individuals the median income in their reported occupation.18 Table 2 reports the ten most
phonetic equivalents and applies a very lax matching rule. For small sending countries, we instead match the
complete 1900 population to the complete 1910 and 1920 populations obtained from Ancestry.com.
Our iterative matching procedure can produce false matches if there are two individuals with the same name and
similar ages who then misreport their ages on the next Census. We also use a more conservative matching strategy
that requires all matches to be unique by name and age within a five-year age band. This procedure results in fewer
matches (8,806 cases) that appear to be somewhat positively selected from the population either because entry into
this sample requires a very uncommon name or a higher degree of numeracy (to ensure accurate age reporting). We
discuss results from this alternative sample in footnote 27.
For observations taken from the 1900 IPUMS (the native born and immigrants from large sending countries), we
use the occupation recorded in the digitized micro data. For the remaining countries in 1900 and for all countries in
common occupations for our sample of matched natives and foreign born workers. Although the
top ten occupations are similar for both groups, migrants to the US were less likely to be farmers
(18.1 versus 24.8 percent) and more likely to be mine operatives (3.3 versus 1.4 percent). The
native born were more likely to be salesmen and clerks, two occupations with high returns to
fluency in English. Other common occupations in both groups include managers, operatives, and
general laborers.19
Our primary source of income data is the “occupational score” variable constructed by
IPUMS. This score assigns to an occupation the median income of all individuals in that job
category in 1950. For ease of interpretation, we convert this measure into 2010 dollars. Using
this measure, our dataset contains individuals representing around 125 occupational categories.
Our unavoidable reliance on median earnings by occupation prevents us from measuring the full
convergence between immigrants and natives. In particular, we are able to capture convergence
due to advancement up the occupational ladder (between-occupation convergence), but we
cannot measure potential convergence between immigrants and natives in the same occupation.20
A further concern with the IPUMS ‘occupation score’ variable is its anchoring to occupationbased earnings in the year 1950. The 1940s and 1950s was a period of wage compression
(Goldin and Margo, 1992). If immigrants were clustered in low-paying occupations, the
1910 and 1920, we collect the occupation string by hand from the historical manuscripts on Ancestry.com. We then
standardize occupation titles to match those identified in the 1900 IPUMS. Our final sample has 1,426 native-born
men and 18,249 immigrants with non-missing occupation data.
Men who were not employed at the time of the survey reported their last-held occupation. 1910 was the only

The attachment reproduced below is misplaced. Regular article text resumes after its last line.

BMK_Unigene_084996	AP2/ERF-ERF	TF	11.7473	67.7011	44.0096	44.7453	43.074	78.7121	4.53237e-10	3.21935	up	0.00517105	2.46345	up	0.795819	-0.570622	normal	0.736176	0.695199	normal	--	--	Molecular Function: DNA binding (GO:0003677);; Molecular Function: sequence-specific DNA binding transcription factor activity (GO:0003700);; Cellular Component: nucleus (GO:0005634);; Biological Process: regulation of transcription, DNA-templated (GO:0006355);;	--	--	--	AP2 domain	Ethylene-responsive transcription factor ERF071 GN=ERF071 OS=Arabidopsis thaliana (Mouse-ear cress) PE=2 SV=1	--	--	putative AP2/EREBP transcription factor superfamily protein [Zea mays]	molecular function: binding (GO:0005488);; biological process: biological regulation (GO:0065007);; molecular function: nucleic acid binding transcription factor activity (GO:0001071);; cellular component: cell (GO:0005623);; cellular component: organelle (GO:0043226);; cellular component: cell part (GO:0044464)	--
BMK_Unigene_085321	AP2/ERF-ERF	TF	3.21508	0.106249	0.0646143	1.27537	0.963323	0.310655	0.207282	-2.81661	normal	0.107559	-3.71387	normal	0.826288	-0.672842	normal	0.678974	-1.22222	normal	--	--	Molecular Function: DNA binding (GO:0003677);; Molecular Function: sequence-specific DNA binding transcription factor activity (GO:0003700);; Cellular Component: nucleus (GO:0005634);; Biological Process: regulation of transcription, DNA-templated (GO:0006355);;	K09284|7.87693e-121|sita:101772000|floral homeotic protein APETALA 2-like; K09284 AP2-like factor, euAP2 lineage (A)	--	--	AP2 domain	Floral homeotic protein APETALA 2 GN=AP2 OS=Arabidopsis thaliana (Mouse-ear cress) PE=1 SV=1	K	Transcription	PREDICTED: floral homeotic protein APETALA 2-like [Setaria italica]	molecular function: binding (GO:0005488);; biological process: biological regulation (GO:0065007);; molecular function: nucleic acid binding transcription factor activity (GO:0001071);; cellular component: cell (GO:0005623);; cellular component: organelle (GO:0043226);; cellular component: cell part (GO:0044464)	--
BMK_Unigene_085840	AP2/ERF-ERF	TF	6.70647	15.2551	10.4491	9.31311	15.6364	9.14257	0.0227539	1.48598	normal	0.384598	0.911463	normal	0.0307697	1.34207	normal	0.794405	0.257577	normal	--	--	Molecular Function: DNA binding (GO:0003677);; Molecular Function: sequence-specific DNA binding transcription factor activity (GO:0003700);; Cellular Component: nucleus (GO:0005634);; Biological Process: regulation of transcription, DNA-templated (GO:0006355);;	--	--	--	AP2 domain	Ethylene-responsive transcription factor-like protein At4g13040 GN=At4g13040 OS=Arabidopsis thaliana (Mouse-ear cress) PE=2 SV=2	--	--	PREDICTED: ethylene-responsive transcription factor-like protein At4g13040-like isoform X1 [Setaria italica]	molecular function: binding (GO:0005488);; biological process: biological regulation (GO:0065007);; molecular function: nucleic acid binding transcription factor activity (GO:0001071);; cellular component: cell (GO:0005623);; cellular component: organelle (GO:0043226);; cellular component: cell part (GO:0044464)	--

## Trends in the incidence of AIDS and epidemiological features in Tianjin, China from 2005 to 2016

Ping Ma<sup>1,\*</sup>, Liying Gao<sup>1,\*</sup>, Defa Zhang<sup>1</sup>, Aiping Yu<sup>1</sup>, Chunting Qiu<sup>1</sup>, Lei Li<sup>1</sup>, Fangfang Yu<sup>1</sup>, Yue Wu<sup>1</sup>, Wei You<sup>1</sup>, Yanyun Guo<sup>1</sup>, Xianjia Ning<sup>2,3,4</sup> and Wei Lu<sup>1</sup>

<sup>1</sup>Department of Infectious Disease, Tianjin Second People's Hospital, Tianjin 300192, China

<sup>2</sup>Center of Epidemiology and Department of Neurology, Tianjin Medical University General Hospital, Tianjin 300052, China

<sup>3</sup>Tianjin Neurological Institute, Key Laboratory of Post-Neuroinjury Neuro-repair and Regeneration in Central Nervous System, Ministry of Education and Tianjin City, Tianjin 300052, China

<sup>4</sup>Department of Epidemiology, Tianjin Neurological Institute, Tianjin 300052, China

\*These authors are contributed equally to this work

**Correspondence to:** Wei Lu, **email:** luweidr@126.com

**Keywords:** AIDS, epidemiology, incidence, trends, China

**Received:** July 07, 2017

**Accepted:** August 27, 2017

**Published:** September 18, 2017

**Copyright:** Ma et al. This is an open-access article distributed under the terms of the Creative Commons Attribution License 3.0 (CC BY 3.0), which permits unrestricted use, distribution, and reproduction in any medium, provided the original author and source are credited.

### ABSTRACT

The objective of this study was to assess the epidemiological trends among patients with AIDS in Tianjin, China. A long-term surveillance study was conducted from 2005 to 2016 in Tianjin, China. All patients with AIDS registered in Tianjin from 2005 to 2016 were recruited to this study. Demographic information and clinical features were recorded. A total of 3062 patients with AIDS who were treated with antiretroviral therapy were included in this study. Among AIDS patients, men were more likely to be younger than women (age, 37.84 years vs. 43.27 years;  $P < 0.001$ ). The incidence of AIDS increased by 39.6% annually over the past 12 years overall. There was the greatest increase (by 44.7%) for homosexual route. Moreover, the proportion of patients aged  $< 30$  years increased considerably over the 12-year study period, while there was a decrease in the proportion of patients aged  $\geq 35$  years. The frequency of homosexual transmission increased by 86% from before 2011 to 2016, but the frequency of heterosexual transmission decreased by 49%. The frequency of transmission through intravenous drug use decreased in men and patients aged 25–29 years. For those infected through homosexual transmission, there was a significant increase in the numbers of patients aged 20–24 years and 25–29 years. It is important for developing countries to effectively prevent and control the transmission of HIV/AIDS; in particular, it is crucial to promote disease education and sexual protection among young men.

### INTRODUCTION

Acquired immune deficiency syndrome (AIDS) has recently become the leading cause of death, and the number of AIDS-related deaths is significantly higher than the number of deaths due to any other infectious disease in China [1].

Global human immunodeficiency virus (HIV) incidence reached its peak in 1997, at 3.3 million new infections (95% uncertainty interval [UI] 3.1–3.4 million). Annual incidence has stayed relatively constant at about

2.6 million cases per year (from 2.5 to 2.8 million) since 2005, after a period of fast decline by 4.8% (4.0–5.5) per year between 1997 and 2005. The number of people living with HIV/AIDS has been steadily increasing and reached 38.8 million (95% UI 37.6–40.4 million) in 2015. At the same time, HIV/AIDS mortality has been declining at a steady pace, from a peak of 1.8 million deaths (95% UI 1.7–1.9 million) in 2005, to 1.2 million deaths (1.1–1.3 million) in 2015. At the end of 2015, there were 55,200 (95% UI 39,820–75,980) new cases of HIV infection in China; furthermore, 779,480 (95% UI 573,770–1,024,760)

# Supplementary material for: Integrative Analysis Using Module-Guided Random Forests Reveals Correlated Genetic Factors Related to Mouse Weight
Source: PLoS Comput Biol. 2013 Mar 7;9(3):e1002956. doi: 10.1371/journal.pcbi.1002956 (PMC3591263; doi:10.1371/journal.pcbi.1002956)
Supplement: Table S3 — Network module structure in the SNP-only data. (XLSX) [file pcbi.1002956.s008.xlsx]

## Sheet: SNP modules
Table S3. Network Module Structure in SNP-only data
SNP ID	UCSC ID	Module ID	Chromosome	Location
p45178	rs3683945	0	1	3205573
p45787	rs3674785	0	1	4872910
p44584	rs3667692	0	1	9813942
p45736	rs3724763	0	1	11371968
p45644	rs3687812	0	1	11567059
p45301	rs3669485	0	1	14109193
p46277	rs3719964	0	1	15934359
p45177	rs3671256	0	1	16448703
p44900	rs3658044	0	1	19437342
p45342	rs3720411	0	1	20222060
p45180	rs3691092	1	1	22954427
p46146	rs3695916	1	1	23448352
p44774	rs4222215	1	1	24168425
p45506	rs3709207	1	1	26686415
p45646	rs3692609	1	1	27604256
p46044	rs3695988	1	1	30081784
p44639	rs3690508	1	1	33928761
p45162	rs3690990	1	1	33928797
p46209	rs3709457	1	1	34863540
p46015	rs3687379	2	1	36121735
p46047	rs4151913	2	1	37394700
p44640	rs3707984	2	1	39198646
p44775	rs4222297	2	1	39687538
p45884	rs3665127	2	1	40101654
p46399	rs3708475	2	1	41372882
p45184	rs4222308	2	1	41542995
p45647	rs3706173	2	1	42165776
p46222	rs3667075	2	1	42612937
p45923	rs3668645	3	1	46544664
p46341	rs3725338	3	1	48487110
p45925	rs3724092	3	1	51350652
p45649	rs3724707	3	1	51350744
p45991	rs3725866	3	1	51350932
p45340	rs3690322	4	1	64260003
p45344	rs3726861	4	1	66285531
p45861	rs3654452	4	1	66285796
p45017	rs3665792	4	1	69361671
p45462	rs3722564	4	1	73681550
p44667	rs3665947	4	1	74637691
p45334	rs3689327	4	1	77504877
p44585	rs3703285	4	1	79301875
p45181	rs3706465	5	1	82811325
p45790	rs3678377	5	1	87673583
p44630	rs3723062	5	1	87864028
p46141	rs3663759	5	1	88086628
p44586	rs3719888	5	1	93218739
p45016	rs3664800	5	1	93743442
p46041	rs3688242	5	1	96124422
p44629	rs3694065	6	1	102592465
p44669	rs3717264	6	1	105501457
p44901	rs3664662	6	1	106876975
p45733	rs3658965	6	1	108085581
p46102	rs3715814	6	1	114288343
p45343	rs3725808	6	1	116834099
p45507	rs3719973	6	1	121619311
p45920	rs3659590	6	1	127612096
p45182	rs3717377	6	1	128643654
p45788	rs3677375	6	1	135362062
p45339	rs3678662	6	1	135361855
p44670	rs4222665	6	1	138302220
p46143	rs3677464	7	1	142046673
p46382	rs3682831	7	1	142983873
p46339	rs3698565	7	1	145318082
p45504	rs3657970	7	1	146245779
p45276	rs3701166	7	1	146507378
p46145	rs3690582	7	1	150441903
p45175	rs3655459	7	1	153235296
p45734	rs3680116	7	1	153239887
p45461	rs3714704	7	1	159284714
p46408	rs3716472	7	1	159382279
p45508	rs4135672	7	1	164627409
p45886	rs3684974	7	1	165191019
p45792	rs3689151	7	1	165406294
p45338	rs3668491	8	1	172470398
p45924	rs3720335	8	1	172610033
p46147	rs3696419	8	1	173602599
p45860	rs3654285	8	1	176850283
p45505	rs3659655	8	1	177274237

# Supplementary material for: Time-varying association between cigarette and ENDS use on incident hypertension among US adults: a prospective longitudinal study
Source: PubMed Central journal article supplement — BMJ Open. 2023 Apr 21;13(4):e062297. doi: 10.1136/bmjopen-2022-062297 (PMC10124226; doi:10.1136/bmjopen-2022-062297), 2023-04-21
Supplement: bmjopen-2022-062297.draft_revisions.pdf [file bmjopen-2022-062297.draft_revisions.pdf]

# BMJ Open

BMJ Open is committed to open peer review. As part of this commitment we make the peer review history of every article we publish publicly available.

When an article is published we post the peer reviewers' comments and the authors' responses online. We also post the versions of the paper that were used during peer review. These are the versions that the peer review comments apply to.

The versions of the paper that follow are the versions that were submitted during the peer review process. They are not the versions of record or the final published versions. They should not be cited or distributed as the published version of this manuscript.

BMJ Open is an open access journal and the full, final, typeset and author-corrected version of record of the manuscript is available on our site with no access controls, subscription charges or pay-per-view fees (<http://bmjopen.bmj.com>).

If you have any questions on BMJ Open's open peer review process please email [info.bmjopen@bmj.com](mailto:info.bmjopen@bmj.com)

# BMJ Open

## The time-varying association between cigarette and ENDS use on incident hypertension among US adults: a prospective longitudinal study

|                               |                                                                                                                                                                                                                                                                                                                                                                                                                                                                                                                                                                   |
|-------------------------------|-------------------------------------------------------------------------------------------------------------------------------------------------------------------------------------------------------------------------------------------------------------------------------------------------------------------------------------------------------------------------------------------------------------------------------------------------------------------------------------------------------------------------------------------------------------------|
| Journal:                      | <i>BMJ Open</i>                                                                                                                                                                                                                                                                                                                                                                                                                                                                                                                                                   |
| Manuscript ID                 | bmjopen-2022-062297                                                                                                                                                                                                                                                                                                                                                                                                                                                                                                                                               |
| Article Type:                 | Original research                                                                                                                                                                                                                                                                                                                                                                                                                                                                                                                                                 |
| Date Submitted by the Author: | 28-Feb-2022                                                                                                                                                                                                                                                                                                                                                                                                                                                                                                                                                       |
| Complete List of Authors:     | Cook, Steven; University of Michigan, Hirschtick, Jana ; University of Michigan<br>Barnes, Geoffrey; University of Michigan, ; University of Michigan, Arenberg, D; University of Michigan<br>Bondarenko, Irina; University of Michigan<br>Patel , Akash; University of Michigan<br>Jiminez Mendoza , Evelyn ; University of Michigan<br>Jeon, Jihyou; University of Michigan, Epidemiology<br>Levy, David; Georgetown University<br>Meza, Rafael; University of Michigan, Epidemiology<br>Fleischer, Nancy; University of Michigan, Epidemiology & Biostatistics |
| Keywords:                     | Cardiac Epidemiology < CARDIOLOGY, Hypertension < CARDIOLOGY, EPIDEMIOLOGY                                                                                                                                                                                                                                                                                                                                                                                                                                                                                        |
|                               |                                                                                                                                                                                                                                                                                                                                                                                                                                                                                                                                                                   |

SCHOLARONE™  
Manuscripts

census in our time period to ask about unemployment. In that year, native-born men of native parentage (age 18-60)
had an unemployment rate of 4.4 percent, while 5.7 percent of foreign born were unemployed. This differential
unemployment likely contributed to the true earnings gap between immigrants and natives.
We use the 1970 IPUMS to assess the share of total wage convergence between immigrants and natives that takes
place between versus within occupational categories. The 1970 Census is the first to record both wage data and year
of immigration or years spent in the US for the foreign born. Immigrants experience 29 log points of total wage
convergence relative to natives after spending 30 years in the US and 8 log points of convergence when using an
occupation-based measure of earnings.. If instead we use the 1970 and 1980 Censuses to follow arrival cohorts, we
find only 1.5 log points of wage convergence and 3.5 log points of occupation-based convergence, suggesting that
all of the observed wage convergence took place between occupational categories. We can conclude that somewhere
between 30 and 100 percent of wage convergence in this period is captured by occupational data.
occupation score variable may understate both their initial earnings penalty and the convergence
implied by moving up the occupational ladder. We address this concern by using occupationbased earnings from the 1901 Cost of Living survey as an alternative dependent variable (Preston
and Haines, 1991).21
One benefit of matching occupation to earnings in a single year (either 1901 or 1950) is
that we can measure movement up the occupational ladder without confounding changes in the
income distribution. Butcher and DiNardo (2002), for example, point out that much of the
growth in the immigrant-native wage gap between 1970 and 1990 was due to widening income
inequality. Given that immigrants today are clustered in low-skill jobs, their wages stagnated
while the wages of some natives grew. Although the growth in the immigrant-native wage gap is
“real” in the sense that immigrants had lower purchasing power in 1990 than they did in 1970, it
does not necessarily reflect a decline in immigrants’ social standing or ability to assimilate into
the US economy.
C. Comparing matched samples with the full population
Our matched sample may not be fully representative of the immigrant and native born
populations from which they are drawn. In particular, men with uncommon names are more
likely to be successfully linked between Censuses, and the commonness of one’s name could
potentially be correlated with socio-economic status. We assess this possibility by comparing
men in the cross-sectional and panel samples in 1920. By definition, men in both the panel and